Review: ‘Elizabeth Cree’ at Opera Philadelphia

The British statesman Winston Churchill coined the expression, “It is a riddle wrapped in a mystery inside an enigma.” He was speaking of the Soviet Union. The quotation, however, also could be applied to Elizabeth Cree, the murder-mystery opera which had its world premiere Thursday night, launching Opera Philadelphia’s O17 Festival of five productions within a ten-day period.

Daniela Mack. Photo by Steven Pisano.
Daniela Mack. Photo by Steven Pisano.

This is the fictional story of a woman who is on trial for poisoning her husband in 1880, at a time when a serial killer is murdering and dismembering innocent victims in their London neighborhood. Mrs. Cree is an actress and singer, which gives opportunity for catchy music-hall numbers composed by Kevin Puts.

Elizabeth Cree is the third opera by the team of Puts and librettist Mark Campbell, who wrote the Pulitzer Prize-winning Silent Night in 2011 and the well-received The Manchurian Candidate in 2015.

This new opera keeps us guessing about who’s guilty of what, and is full of surprises. We may think we know where it’s heading — or are we intentionally being misled? Elizabeth Cree is filled with grisly violence, although the bloody slashings are shown behind a scrim, intermingled with the comic relief of the music-hall scenes.

Elizabeth Cree is set in a time of economic inequality and alienation, a disturbing world of dark alleyways and impenetrable fog, populated with historical figures including radical thinker Karl Marx, novelist George Gissing, and popular theater star Dan Leno (a precursor of Charlie Chaplin). All of them gather in the Reading Room of the British Museum where they discuss the urgent necessity for reform, while a police inspector targets these celebrities as possible suspects in the murders.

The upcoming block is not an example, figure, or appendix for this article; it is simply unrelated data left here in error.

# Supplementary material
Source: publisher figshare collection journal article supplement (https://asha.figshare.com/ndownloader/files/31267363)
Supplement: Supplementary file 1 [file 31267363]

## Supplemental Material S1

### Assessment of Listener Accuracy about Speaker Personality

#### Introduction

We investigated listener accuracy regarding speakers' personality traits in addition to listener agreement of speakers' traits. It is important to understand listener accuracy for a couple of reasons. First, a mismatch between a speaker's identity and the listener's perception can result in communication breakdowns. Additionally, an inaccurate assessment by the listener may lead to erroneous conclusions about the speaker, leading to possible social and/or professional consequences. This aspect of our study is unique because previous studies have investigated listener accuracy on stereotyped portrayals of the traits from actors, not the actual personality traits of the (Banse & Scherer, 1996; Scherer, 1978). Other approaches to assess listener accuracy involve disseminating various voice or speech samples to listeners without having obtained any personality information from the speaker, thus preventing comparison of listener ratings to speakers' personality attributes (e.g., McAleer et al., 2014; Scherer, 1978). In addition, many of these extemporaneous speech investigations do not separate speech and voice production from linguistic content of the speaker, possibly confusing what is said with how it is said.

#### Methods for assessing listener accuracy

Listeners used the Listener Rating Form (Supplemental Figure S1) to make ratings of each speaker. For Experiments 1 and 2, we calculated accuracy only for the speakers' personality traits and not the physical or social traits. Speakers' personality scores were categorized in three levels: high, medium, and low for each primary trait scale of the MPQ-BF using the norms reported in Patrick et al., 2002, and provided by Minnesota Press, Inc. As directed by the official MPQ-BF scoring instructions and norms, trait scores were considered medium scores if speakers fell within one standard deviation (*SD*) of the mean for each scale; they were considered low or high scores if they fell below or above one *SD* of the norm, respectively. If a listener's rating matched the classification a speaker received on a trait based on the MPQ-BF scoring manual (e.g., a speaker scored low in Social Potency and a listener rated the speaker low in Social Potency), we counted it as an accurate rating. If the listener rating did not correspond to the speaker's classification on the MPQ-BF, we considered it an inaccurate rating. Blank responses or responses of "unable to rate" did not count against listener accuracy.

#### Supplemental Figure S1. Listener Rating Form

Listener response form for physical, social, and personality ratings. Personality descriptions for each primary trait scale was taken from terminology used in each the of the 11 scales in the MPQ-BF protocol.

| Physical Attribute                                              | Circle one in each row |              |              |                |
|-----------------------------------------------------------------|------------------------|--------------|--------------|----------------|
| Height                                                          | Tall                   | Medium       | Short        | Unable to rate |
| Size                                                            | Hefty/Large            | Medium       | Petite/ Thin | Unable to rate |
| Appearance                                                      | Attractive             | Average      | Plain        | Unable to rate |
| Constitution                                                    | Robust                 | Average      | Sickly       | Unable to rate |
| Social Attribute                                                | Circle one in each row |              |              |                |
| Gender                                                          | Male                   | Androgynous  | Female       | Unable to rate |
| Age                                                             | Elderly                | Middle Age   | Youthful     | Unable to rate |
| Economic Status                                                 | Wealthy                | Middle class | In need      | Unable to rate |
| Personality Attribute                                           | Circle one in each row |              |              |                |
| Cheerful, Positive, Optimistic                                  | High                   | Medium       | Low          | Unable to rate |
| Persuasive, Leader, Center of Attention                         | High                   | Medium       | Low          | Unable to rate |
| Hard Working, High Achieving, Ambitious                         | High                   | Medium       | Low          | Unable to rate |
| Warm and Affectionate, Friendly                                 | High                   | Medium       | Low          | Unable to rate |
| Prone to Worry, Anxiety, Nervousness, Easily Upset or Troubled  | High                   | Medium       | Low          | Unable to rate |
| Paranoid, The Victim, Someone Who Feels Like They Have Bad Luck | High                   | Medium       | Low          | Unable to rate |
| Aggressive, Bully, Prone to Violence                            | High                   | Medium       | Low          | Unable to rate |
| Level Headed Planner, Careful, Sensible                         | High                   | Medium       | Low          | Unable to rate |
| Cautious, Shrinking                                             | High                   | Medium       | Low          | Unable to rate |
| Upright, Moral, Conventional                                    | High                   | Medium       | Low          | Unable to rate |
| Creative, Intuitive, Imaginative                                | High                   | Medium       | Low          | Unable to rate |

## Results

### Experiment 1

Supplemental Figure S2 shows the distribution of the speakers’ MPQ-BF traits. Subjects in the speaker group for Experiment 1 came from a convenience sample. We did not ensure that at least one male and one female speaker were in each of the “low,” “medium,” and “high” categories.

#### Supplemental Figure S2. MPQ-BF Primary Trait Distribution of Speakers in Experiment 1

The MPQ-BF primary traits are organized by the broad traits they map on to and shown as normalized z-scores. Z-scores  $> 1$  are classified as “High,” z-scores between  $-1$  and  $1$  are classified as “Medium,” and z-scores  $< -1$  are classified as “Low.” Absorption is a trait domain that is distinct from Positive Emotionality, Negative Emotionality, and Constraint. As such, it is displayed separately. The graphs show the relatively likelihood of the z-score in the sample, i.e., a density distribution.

(Marx famously wrote, “What is one murder here or there compared with the historical process?”)

Joseph Gaines and Ensemble. Photo by Steven Pisano.
Joseph Gaines and Ensemble. Photo by Steven Pisano.

The exceedingly talented cast is headed by mezzo Daniela Mack, whose previous work in Handel at Santa Fe barely prepared me for this star turn. She dominates the action with her dramatic intensity and soaring voice. Tenor Joseph Gaines is spectacular as the music-hall comedian, a triple-threat with his acting, dancing and singing. Baritone Troy Cook uses his resonant voice superbly as the husband John Cree. Daniel Belcher, Matt Boehler, Deanna Breiwick, Jason Ferrante, Jonathan McCullough, Maren Montalbano, Melissa Parks, Thomas Shivone and Daniel Taylor complete the versatile cast.

Puts’s orchestral writing supplies colorful mood — and horror — while his vocal writing is melodically singable. The characters are given grand solo opportunities. When we see a work labeled as a “chamber opera” we imagine delicate orchestration, primarily with soft strings. Puts’s score for 16 players, however, is deliciously variegated. The orchestral sound has rich and colorful texture, with good use of snarling brass. Corrado Rovaris conducted the riveting performance.

David Schweizer (with years of experience for Joseph Papp and Lincoln Center) directs the 28 scenes with fluidity, moving rapidly among courtroom, police station, music hall, the streets of London and the British Museum. Set and costumes were designed by David Zinn, choreography is by Jesse Robb, and the crucial projections are by Alexander V. Nichols.

After the real murderer or murderers are revealed, you may wonder if there’s a reason to see the opera a second or third time. Indeed there is. After all, we go back to Rigoletto even when we know who’s in that body bag. Elizabeth Cree is worth repeated viewings for its vivid characters, ingenious development and gripping music.

Running Time: 95 minutes, with no intermission.

Daniela Mack and Troy Cook. Photo by Steven Pisano.
Troy Cook and Daniela Mack. Photo by Steven Pisano.

Elizabeth Cree plays through Saturday, September 23, 2017, and is presented by Opera Philadelphia at the Perelman Theater of the Kimmel Center for the Performing Arts – 300 South Broad Street in Philadelphia, PA. Tickets may be purchased online.


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